Recently, on the third anniversary of my mother’s death, I went to Hedgebrook to have some writing time as well as to teach at the Summer Salon, a day of small-group writing workshops given in the Hedgebrook cottages. Three years earlier, I had been scheduled to do the same, but the week before my departure for Hedgebrook, my sister messaged me and my siblings that our mother was dying. I flew to San Diego the next day and stayed for two weeks, the amount of time it took to see our mother through her last days and to bury her.
Now in the woods amid birdsong and five other cottages which housed writers I admire, I wondered what work I could accomplish during my stay, wondered if I would solve the problem of the novel I’m working on. I thought about my mother whose opinion of my writing I could never fully gauge, and I invited her to be with me there as I pondered and wrote, and daydreamed too much when the words did not come. I would ask her questions:
Me: What do you think of this sentence?
Her: Whatever you think is fine.
Me: Is this scene believable?
Her: I don’t really know about those things.
Me: Does this sound too much like a cliché?
Her (with a little laugh, but with a tone that said she meant it): Don’t ask me.
She never liked being asked for an opinion on such things. Fair enough. I would leave her alone.
That first night I turned the dimmer switch on the downstairs lights very low so there was just a glimmer of light inside the cottage when I turned out my bedside lamp in the sleeping loft. I don’t like being in complete darkness. Maybe it comes from a near lifetime of nearsightedness – the inability and insecurity of not seeing clearly and the fear of not seeing at all. Or maybe it’s because I’ve always been a little bit afraid of the dark. Maybe I’m afraid of ghosts. Or I only want to see them in a reassuring glimmer of light.
I woke early after a fitful night. It was just after five and the light was filtering through the trees and into the uncurtained loft window. As I contemplated getting out of bed, the dimmed downstairs lights blinked off. As soon as I realized what had happened, they blinked back on again. “Mom?” I asked.
I’m on the cusp of believing in the supernatural and mystical, so I was willing to cross the threshold into the twilight zone and presume that the flickering light was a sign from my mother. On the other hand, I can easily be swayed by the workaday notion that a swell or drop of electrical current was the source of the flickering. To be sure, electricity is as explainable to me as the supernatural.
Aside from the question of my mother’s presence, the other mystery before me in my cottage was what to do with the novel I’m working on. I thought it was nearly done – just some easily addressed issues for the revision stage. Wishful thinking. I admit as I was writing, following a plotline that seemed to be pulling me in its, perhaps, wayward direction, I wondered if it was too contrived, too reliant on coincidence. Things could happen this way, I reasoned to myself. But my very wise writing group said no.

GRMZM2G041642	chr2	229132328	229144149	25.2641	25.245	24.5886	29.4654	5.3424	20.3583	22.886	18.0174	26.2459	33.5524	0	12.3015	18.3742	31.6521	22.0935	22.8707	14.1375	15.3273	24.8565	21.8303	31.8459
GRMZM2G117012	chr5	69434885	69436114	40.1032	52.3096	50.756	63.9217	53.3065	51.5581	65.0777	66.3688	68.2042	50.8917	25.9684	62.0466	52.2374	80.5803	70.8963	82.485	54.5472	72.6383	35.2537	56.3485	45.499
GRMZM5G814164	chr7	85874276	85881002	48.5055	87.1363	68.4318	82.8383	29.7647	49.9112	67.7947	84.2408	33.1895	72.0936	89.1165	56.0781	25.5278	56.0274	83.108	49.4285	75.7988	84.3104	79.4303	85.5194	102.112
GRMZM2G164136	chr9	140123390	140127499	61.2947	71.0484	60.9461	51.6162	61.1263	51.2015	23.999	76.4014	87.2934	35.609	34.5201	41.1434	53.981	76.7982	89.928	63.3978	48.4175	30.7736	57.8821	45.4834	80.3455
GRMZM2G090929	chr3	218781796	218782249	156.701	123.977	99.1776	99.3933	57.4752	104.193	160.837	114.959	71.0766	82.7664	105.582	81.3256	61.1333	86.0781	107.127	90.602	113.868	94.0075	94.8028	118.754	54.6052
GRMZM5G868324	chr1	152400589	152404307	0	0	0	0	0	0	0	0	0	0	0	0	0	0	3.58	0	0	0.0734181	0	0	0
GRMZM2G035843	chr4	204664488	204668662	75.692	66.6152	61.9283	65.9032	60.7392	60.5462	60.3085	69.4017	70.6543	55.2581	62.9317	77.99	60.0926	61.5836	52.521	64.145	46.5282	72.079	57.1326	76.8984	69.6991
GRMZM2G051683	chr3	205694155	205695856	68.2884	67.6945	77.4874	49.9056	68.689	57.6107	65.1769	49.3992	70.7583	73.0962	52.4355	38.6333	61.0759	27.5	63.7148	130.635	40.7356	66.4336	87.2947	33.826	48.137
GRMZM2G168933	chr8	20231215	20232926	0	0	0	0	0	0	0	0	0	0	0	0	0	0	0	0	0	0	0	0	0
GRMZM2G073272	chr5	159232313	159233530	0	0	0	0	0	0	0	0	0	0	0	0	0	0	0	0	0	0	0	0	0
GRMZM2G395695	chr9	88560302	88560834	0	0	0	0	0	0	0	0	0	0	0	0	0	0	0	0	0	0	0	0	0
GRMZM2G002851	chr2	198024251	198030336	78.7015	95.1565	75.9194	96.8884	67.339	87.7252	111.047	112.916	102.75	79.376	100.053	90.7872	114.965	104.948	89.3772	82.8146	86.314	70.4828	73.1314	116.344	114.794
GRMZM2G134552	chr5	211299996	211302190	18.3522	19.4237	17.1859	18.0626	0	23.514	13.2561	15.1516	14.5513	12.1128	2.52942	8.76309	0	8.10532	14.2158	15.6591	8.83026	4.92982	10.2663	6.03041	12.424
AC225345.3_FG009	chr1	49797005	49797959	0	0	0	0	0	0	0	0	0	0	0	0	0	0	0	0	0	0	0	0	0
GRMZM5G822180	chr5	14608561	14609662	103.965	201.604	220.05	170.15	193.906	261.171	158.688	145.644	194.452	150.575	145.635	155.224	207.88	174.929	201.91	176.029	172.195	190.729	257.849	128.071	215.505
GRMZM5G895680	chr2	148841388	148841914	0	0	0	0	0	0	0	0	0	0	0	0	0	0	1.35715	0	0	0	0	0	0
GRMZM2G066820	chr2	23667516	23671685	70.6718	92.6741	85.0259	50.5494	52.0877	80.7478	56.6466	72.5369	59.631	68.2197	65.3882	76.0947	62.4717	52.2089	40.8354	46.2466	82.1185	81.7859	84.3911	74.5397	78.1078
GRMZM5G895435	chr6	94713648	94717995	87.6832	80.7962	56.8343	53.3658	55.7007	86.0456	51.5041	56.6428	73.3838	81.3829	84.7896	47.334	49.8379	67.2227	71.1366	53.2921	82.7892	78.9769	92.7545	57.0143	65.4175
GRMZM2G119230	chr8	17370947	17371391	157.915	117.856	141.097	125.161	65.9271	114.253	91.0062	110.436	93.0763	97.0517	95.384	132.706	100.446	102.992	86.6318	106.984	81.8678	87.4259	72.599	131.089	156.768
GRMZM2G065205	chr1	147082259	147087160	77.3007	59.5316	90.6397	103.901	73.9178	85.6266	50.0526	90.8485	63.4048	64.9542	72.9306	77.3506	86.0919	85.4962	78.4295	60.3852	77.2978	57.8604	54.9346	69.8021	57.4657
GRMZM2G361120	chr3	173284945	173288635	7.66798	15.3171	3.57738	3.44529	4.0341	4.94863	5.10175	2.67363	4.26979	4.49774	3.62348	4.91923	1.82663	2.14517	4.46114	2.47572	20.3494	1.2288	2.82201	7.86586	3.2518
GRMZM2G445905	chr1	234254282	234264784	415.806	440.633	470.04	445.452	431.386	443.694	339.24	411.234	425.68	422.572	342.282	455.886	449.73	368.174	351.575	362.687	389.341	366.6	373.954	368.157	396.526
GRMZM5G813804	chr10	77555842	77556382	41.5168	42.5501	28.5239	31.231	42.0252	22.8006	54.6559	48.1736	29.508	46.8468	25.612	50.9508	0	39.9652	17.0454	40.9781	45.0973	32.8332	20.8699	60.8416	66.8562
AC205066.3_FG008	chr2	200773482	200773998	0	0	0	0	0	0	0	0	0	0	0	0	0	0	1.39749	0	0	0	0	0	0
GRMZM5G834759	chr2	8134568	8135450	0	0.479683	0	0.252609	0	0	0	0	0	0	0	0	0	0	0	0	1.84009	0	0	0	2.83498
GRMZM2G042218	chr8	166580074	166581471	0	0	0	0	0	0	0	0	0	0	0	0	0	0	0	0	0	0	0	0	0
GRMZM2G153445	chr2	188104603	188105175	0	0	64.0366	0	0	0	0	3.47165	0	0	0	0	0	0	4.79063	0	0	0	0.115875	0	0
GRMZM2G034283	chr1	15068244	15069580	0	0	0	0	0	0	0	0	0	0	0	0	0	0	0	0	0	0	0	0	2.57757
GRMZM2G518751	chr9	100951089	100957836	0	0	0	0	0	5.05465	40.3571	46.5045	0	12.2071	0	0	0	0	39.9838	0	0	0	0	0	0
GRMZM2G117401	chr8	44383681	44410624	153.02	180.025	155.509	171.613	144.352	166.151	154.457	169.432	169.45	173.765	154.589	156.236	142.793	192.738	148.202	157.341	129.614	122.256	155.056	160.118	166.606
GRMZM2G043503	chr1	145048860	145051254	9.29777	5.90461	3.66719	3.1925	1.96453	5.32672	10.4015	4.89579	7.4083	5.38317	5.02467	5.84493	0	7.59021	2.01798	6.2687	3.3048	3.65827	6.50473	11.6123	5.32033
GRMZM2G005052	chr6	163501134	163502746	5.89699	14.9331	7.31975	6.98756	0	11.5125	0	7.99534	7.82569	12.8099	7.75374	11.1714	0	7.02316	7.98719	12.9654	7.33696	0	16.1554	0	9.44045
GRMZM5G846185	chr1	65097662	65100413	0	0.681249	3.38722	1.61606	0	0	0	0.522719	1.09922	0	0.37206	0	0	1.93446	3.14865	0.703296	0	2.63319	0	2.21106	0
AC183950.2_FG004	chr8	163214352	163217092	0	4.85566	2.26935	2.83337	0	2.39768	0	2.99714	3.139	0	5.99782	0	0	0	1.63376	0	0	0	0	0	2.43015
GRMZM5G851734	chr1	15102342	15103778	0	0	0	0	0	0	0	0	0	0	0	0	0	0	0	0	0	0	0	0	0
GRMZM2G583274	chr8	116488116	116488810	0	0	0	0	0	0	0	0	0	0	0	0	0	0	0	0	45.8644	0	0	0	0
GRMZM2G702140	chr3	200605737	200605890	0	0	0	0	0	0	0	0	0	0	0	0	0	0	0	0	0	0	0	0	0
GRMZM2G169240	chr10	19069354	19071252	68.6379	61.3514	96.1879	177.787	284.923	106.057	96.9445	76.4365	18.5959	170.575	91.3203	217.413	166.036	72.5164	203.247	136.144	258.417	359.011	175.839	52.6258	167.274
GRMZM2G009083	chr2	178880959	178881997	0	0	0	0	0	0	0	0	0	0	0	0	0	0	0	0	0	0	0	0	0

So then I thought maybe if I pushed it to the cusp of the surreal, then coincidence becomes believable. But then I would have to write in a new and super-unnatural way for me. I would have tyo become a different writer. Surely, there was another way.
I googled “coincidence in fiction” and found “How to Write Coincidence the Right Way” by Alice Mattison on LitHub. Mattison points out, “Coincidences happen in life; they are suspect only in art.”
So if I’m thinking about my mother in my Hedgebrook cottage because I arrive on the anniversary of her death, is it a coincidence that the lights blink at me? And is it further coincidence when a few hours later I receive an email from a literary journal accepting for publication an essay I’d written about my mother? But if I were to write about all these coincidences (artfully), does they become suspect? Would I be leaping tall buildings to unfounded conclusions, following an unearned plotline, substituting wishful thinking for cause-and-effect?
In Mattison’s article she gives two examples of coincidence in literature which work. One is a scene from E.M. Forster’s Howard’s End and the other is Flannery O’Connor’s story “A Good Man is Hard to Find.” In the first example, Mattison explains how Forster makes the coincidence unobtrusive by making it unimportant to the key character in the scene. In the O’Connor story, Mattison notes that the blatant coincidence doesn’t bother readers because the characters are unaware of it.
Both are hard to pull off, but, hey, worth a try. Wish me luck. Because luck may be what it’ll take to solve this problem of coincidence in my novel.
Speaking of luck, I had it in heaps, finding myself among the brilliance of the other Hedgebrook Summer Salon teachers. I got to spend time in the fun, funny, thoughtful, and reflective company of Rebecca Brown, Suzanne Kelman, Anastacia Renee, Jennie Shortridge, and Storme Webber. It was magic, which, like coincidence, also happens in life.